By George Munene
Kenyan honey exporter Savannah Honey is looking to recruit 7,000 contracted honey farmers across East Africa.
Founded in 2013, the for-profit social enterprise based in Utawala markets honey for Sh500 a kilogram; bee pollen for Sh6,800 per kg; propolis, used in the management of diabetes, and sores, at Sh1,900 a kg; bee wax at Sh700 per kg; royal jelly, a supplement/ additive in skin cream harvested from the secretion of queen bee cells for Sh38,00 per kg and bee venom for 4,000 per gram.
The company which currently has 4,000 farmers in the region, contracts farmers for five years and is looking to tap not only into the burgeoning local honey market where one-kilogram costs between $4-$12 (Sh472-Sh1,416) but into the more lucrative international one– a jar of honey in the Arab market can fetch almost double this amount.
The global honey market was valued at USD 8.58 billion in 2021. Increasing demand for nutritious food products (honey is an excellent source of vitamins, minerals, calcium, and antioxidants) coupled with growing health concerns in the wake of the COVID-19 pandemic during which honey gained wider acceptance as an effective medicine to treat acute cough and throat infection has seen the honey market predicted to grow at a CAGR of 5.2% from 2022 to 2030.
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“Despite having ideal flora and climate for all-year bee-keeping, the practice still remains largely traditional in Kenya. This has meant the country produces a fraction of its potential, leading to an overreliance on Tanzanian imports. Savannah is looking to change this through commercialisation of the Kenyan honey sub-sector,” said the company’s CEO Kyalo Mutua, aka “the King of Bees”.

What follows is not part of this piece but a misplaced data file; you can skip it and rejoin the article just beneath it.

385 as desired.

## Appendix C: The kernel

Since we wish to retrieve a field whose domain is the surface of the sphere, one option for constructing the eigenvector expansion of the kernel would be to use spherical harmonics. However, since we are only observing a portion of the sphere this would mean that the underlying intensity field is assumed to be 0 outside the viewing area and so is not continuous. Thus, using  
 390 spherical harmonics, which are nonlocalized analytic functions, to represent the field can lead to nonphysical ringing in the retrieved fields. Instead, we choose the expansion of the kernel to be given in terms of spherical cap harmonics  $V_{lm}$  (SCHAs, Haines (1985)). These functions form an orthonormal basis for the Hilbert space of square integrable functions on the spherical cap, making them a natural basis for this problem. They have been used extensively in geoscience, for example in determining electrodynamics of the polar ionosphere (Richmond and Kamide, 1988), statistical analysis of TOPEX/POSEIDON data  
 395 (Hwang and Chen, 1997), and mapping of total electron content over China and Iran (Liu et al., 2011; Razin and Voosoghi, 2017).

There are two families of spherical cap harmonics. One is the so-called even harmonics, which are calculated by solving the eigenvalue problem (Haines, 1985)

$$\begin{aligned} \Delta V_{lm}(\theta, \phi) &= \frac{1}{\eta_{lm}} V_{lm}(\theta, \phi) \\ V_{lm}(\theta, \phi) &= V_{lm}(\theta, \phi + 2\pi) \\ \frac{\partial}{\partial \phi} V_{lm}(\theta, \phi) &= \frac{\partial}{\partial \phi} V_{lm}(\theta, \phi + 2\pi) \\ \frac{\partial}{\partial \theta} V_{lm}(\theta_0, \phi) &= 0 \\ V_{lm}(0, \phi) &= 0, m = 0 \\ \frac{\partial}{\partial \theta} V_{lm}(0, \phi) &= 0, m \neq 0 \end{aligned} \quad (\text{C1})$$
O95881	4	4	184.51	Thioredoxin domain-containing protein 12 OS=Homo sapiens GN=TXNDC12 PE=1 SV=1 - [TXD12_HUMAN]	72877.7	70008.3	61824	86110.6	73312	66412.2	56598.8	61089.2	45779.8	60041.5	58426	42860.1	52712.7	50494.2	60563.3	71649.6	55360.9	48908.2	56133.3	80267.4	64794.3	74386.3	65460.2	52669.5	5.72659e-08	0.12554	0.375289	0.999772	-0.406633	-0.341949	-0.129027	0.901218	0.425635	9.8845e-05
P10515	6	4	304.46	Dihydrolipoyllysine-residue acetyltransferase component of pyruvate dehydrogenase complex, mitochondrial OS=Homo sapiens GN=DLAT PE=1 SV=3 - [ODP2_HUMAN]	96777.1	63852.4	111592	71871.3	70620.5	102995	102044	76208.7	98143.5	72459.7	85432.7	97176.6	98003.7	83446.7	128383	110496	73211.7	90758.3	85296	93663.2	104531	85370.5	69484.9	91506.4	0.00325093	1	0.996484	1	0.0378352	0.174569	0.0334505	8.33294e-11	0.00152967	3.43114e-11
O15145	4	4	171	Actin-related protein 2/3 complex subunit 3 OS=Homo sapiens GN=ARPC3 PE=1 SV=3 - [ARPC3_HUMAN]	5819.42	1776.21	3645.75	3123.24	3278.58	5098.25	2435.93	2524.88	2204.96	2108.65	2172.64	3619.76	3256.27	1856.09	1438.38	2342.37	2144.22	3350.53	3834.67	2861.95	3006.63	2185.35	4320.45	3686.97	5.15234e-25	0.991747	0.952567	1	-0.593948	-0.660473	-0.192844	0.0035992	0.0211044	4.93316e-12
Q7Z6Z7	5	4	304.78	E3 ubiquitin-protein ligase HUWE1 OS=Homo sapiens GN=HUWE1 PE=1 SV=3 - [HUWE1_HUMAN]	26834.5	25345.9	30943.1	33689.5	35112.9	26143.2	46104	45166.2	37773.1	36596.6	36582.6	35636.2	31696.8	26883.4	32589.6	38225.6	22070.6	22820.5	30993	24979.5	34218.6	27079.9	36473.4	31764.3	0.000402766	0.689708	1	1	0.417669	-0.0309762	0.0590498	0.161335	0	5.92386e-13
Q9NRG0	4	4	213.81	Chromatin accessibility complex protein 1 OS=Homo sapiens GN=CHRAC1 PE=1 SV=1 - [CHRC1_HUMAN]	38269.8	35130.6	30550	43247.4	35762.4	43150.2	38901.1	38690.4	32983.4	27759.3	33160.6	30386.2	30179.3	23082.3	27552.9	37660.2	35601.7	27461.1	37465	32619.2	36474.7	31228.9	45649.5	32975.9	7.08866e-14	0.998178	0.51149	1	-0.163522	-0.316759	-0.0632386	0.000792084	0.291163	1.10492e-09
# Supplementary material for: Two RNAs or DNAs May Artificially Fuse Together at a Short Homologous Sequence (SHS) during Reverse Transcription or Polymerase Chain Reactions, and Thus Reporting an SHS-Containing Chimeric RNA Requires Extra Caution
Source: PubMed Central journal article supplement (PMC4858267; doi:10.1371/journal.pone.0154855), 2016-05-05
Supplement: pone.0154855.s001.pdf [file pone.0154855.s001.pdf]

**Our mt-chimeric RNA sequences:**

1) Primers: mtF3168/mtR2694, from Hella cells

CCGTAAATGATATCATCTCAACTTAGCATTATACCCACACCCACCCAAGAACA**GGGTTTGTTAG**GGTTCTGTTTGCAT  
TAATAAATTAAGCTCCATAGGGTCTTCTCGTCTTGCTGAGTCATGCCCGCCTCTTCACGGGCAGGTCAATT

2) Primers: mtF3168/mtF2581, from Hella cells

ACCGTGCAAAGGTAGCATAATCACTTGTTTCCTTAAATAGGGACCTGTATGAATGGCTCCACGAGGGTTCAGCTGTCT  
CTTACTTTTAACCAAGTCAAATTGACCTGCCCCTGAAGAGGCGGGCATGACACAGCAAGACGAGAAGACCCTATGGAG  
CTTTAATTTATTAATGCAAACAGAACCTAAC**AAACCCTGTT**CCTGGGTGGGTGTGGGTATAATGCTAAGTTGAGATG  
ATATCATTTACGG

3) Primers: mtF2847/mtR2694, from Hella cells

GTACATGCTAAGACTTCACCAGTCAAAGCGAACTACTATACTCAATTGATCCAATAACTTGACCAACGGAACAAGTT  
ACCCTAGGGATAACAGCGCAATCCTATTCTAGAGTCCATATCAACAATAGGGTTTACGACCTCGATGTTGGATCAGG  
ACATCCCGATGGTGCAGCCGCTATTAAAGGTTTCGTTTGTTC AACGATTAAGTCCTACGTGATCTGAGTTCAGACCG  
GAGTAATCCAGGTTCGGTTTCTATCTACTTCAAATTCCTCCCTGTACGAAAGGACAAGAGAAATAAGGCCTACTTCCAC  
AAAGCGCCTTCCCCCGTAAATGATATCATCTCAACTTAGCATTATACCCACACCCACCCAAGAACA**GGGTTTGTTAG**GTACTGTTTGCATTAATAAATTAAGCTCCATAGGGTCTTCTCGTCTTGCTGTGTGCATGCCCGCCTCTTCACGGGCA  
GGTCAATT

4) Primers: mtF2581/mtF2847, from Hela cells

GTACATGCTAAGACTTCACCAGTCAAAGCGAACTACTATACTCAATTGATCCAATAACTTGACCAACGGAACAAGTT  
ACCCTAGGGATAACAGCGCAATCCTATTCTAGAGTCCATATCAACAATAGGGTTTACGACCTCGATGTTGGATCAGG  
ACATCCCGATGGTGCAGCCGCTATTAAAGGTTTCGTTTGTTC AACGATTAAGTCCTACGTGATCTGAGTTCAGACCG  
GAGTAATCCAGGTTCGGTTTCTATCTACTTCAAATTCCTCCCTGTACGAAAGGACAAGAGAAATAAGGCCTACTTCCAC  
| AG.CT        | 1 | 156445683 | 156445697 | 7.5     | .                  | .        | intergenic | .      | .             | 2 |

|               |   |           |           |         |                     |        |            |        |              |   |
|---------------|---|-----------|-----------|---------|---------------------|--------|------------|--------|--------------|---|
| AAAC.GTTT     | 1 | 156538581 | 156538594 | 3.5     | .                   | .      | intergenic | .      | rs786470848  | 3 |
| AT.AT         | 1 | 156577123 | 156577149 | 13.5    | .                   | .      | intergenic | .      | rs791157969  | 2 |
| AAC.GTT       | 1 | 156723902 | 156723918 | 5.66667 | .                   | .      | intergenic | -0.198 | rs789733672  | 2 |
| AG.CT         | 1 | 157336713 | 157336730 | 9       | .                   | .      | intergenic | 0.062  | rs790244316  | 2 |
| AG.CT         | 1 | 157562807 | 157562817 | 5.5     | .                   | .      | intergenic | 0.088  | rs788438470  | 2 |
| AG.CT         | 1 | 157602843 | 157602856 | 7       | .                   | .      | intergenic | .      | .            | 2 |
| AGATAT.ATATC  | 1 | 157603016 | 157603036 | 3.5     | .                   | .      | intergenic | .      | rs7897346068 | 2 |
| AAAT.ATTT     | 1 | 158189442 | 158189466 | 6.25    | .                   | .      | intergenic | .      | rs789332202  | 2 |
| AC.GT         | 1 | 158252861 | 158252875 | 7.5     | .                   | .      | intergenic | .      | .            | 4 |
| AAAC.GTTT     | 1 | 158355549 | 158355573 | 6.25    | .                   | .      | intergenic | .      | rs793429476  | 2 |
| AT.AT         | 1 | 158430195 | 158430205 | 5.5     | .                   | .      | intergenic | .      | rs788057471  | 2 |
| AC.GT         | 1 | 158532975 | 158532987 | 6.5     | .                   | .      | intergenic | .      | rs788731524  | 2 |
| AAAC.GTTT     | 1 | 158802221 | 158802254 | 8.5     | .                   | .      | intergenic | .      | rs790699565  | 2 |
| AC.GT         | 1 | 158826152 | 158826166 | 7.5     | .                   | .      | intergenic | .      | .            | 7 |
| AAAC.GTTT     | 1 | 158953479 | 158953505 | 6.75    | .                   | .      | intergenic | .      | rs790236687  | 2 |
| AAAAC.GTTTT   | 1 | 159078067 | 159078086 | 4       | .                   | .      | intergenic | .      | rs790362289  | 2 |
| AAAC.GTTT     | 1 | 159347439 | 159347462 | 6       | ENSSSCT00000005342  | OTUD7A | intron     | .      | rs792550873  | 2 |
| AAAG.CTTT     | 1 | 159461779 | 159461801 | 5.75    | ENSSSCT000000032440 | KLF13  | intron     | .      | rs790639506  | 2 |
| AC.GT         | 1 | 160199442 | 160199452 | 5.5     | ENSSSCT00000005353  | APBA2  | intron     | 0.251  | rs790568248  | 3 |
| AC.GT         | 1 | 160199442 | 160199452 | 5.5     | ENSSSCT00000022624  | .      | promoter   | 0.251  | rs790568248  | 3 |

To this end, Savannah’s contracted farmers are equipped with Langstroth beehives, currently on sale for Sh5500. With a multi-layered structure and removable frames, farmers can more than double their honey yields. Farmers harvest 10-20 kilograms three to four times annually.
With Langstroth hives, you do not destroy combs or crush the queen when harvesting avoiding bees absconding from their hives. This ensures there is uninterrupted production.
The company harvests the first batch of honey for free. The farmer can then purchase a small plastic honey extractor for Sh28,000 or a metallic one for Sh35,000.
Savannah also offers training on modern beekeeping; apiary management; colony division as well as technical and marketing support.
The firm ensures that all their client’s beehives are well colonised and have a strong healthy queen. Requeening (queen replacement) and repopulation (restocking a hive with less than 60,000 bees), which cost anywhere from Sh9,000 to Sh20,000 are also offerd at no cost.
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Keeping bees can run concurrently/symbiotically with other agriculture practices and requires little in input costs, labour, time as well as space. This makes it an ideal source of passive income.
“With just 10×10 feet of space, a farmer can fit up to 20 langstroth beehives which have a greater earning potential than 20 acres of maize,” illuminated the King of bees during an interview.
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